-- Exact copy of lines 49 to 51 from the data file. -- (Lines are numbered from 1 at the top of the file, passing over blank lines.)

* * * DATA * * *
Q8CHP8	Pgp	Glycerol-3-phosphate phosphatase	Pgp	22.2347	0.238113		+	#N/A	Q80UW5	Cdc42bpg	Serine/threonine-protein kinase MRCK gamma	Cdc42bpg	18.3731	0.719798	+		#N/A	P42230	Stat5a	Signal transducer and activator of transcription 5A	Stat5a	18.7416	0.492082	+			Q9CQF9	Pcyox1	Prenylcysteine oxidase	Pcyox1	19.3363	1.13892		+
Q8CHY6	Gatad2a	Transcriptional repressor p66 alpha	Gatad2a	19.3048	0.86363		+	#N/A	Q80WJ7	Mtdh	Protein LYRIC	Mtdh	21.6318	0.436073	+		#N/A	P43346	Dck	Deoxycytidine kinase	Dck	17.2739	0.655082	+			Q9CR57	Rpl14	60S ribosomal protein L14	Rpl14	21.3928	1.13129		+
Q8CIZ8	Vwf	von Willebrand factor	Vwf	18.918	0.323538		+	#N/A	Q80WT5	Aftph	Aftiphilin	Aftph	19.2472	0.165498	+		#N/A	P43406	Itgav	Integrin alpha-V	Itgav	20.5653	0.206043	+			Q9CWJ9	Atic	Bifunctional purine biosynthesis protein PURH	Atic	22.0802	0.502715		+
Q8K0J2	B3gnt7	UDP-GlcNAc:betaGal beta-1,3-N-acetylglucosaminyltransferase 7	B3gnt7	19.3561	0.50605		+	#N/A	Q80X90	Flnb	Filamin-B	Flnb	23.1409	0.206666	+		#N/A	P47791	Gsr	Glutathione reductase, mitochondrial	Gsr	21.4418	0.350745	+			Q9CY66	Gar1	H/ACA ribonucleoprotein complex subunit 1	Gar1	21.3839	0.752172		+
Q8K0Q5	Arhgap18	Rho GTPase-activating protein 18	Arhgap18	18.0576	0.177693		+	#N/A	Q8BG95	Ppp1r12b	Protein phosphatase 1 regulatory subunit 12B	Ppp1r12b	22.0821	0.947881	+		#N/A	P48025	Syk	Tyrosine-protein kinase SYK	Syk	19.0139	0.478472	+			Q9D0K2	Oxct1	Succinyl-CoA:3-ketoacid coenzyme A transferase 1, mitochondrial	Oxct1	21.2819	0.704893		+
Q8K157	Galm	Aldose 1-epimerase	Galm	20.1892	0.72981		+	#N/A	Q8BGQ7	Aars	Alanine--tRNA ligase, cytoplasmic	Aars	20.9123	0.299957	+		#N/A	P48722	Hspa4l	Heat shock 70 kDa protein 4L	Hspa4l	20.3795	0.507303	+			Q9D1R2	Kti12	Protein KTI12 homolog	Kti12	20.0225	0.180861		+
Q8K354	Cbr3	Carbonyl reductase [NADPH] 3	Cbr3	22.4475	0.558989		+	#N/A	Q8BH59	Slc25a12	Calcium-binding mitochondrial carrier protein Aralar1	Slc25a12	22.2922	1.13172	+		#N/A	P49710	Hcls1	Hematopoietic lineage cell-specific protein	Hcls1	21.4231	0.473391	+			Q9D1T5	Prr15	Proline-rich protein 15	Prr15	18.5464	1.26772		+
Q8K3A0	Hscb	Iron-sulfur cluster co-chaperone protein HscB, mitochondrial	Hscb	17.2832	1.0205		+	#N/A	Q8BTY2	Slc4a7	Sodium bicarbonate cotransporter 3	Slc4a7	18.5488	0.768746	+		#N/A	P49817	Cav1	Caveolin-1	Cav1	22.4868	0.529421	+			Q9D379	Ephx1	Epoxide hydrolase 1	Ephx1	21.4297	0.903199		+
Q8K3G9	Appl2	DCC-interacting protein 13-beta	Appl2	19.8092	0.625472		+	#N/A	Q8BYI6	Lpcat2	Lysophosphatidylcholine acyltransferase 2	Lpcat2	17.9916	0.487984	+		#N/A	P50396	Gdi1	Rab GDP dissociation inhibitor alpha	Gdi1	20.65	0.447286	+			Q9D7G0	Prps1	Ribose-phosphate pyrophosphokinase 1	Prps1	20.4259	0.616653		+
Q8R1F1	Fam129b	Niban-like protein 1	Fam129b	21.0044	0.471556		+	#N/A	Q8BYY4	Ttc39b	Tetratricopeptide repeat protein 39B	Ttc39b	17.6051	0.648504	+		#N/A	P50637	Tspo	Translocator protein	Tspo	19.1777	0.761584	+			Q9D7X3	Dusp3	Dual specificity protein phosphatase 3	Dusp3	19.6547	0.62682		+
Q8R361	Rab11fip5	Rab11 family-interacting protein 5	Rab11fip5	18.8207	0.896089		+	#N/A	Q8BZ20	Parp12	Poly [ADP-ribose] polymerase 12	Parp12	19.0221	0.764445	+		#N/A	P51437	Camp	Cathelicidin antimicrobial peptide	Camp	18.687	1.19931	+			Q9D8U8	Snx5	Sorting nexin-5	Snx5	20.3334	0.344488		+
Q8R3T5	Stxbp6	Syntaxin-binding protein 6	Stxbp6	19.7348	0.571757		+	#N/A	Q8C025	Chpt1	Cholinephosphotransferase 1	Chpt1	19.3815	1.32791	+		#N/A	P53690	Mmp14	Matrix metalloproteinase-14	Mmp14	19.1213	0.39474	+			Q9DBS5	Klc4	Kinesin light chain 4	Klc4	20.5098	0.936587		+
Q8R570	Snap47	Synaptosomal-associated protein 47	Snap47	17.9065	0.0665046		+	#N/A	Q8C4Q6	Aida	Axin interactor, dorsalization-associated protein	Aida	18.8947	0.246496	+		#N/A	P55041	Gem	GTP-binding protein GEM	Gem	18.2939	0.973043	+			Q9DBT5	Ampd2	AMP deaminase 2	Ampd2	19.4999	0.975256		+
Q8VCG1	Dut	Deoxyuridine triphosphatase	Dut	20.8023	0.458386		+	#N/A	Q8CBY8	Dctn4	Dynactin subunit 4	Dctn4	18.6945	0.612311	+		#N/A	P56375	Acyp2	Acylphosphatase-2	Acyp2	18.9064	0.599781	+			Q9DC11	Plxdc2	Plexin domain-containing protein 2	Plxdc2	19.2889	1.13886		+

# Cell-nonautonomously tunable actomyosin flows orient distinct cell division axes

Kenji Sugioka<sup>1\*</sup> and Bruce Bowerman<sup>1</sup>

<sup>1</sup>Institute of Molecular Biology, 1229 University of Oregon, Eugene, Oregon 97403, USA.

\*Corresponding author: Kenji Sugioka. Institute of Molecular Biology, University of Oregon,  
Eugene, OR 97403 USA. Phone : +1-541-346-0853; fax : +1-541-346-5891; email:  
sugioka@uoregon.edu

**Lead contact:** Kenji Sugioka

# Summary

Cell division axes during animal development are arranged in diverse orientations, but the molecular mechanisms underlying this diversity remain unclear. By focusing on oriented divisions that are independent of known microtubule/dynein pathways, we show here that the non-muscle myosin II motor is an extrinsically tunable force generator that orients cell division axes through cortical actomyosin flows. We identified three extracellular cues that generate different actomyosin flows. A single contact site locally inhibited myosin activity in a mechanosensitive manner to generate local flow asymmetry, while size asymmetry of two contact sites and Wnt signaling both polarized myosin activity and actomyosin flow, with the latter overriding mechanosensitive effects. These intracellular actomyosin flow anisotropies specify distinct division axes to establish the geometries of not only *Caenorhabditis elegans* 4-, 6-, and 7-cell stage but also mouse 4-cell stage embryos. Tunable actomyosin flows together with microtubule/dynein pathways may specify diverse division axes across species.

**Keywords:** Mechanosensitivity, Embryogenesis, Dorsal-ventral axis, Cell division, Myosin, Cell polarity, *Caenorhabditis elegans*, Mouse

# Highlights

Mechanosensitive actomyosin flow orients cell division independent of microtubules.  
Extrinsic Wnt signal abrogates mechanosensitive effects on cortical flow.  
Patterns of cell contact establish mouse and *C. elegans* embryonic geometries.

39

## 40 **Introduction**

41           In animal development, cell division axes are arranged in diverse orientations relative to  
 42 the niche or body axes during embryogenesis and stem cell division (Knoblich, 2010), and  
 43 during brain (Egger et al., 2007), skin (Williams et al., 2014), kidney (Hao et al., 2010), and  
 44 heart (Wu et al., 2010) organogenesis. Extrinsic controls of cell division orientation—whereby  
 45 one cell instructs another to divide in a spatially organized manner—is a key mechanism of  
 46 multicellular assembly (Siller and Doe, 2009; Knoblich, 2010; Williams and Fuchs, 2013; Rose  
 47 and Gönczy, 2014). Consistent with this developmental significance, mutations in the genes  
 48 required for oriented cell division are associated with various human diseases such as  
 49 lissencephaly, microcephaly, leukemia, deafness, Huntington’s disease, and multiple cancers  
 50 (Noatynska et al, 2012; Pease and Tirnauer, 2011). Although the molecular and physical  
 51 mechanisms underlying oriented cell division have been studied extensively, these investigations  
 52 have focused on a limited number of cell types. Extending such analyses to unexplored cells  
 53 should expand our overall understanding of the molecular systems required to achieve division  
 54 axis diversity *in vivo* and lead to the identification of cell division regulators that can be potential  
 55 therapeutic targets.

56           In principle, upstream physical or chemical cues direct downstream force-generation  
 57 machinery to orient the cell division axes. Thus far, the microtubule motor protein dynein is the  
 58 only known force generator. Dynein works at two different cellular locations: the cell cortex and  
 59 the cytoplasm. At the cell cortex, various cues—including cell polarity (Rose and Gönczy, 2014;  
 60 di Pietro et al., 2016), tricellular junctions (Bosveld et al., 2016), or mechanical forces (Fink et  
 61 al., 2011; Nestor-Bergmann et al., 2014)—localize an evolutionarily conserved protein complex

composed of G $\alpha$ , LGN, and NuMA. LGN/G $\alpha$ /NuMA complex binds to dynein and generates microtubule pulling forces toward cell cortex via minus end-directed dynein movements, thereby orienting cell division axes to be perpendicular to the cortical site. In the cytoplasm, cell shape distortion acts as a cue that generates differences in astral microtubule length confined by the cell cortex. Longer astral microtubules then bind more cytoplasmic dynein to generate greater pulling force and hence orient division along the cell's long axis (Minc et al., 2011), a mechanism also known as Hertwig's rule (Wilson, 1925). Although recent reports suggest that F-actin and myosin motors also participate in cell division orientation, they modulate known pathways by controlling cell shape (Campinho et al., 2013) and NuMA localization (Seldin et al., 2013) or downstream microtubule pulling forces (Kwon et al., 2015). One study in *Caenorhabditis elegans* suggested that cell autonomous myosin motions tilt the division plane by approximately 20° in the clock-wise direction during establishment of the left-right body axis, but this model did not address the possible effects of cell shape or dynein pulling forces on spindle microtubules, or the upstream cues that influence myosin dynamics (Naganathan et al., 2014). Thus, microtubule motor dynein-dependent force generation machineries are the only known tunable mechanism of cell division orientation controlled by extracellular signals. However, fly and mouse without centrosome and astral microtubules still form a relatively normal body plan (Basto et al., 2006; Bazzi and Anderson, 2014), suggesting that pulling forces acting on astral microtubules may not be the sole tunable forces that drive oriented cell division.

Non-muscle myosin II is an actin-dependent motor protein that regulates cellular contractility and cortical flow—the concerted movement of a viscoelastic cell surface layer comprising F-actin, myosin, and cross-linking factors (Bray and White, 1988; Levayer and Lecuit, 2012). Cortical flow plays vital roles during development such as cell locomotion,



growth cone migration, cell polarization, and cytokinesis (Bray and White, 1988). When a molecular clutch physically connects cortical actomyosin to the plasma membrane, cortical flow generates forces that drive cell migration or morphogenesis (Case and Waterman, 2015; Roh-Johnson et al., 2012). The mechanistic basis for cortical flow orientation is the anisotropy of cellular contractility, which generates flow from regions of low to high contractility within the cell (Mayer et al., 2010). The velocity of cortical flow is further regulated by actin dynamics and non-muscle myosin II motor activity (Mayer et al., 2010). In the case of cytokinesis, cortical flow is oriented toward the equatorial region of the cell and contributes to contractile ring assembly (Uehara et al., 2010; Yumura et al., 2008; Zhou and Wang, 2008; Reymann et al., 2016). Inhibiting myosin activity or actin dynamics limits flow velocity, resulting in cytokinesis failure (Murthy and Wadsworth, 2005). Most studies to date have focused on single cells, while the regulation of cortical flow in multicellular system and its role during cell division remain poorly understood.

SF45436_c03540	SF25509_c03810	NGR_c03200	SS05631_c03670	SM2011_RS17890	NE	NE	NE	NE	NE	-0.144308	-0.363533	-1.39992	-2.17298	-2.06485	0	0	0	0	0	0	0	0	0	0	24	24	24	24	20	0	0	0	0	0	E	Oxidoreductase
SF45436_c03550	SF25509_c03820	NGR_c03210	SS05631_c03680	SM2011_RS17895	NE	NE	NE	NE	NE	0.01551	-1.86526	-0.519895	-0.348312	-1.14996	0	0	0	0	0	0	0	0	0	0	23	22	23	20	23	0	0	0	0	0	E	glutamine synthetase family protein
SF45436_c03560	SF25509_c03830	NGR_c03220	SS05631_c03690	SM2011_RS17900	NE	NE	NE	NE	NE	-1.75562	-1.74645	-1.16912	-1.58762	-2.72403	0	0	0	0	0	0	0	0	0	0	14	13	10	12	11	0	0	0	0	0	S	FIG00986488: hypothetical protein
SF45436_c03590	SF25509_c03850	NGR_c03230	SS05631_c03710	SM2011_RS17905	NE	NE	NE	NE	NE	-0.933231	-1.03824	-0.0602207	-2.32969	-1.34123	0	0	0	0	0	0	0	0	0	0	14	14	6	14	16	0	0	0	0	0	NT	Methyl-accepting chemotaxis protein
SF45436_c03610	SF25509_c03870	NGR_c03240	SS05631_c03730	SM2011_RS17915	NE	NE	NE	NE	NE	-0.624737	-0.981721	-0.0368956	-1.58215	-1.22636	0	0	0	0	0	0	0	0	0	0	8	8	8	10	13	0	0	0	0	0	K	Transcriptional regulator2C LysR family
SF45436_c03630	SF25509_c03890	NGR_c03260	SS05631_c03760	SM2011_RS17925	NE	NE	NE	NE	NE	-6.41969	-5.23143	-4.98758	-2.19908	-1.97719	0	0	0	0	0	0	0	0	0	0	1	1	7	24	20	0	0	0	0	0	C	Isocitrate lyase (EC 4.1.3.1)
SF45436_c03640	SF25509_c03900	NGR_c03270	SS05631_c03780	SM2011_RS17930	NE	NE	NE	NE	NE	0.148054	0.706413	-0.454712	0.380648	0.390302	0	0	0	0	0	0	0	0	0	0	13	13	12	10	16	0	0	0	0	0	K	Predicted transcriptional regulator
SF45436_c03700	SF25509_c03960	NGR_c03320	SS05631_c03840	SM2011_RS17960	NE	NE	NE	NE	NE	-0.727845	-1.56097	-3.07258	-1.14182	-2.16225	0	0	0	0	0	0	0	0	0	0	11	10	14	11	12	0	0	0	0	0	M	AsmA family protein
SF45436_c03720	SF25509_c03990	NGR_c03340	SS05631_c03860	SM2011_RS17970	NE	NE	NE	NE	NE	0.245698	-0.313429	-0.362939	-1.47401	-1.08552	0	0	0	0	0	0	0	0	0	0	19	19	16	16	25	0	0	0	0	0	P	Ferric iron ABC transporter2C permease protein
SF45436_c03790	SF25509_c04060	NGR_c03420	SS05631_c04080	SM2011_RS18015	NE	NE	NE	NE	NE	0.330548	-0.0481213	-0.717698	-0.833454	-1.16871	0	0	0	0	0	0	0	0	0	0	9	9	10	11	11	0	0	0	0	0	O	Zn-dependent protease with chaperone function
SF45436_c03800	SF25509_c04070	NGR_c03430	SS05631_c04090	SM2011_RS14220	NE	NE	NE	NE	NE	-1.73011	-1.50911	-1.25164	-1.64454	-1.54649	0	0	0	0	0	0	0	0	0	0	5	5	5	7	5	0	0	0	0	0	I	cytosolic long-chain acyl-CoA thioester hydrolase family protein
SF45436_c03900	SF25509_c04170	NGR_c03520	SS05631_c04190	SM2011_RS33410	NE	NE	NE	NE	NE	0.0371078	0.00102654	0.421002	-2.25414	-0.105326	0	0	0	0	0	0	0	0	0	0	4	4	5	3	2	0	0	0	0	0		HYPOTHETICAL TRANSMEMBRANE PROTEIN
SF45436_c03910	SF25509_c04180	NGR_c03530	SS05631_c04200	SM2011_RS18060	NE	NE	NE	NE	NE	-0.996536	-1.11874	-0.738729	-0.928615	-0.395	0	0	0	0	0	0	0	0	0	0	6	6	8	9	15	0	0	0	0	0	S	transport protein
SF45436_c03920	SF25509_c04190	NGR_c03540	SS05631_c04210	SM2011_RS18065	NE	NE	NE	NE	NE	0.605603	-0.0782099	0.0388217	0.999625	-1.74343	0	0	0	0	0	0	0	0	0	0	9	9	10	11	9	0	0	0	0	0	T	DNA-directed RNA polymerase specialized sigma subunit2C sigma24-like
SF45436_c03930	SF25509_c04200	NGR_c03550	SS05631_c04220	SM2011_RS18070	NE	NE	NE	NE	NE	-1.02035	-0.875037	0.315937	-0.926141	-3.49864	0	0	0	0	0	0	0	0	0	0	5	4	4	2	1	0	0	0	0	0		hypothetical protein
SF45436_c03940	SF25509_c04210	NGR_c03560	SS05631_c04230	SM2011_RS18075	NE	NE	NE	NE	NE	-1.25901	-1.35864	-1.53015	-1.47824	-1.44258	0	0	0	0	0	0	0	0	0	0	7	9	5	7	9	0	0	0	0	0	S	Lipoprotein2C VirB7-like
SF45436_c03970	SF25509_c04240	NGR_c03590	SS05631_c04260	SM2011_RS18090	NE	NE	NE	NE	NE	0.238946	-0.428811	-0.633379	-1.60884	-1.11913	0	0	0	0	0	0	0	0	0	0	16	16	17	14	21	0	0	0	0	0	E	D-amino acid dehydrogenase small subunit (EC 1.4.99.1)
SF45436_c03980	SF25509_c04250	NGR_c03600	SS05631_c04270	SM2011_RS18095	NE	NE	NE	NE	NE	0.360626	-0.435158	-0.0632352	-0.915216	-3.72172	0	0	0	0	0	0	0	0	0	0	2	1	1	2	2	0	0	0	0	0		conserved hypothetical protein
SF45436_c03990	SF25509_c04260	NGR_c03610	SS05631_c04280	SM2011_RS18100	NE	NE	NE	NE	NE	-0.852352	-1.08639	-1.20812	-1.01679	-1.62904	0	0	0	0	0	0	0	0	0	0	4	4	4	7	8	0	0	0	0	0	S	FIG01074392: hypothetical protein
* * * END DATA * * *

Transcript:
 59 the cytoplasm. At the cell cortex, various cues—including cell polarity (Rose and Gönczy, 2014;  
 60 di Pietro et al., 2016), tricellular junctions (Bosveld et al., 2016), or mechanical forces (Fink et  
 61 al., 2011; Nestor-Bergmann et al., 2014)—localize an evolutionarily conserved protein complex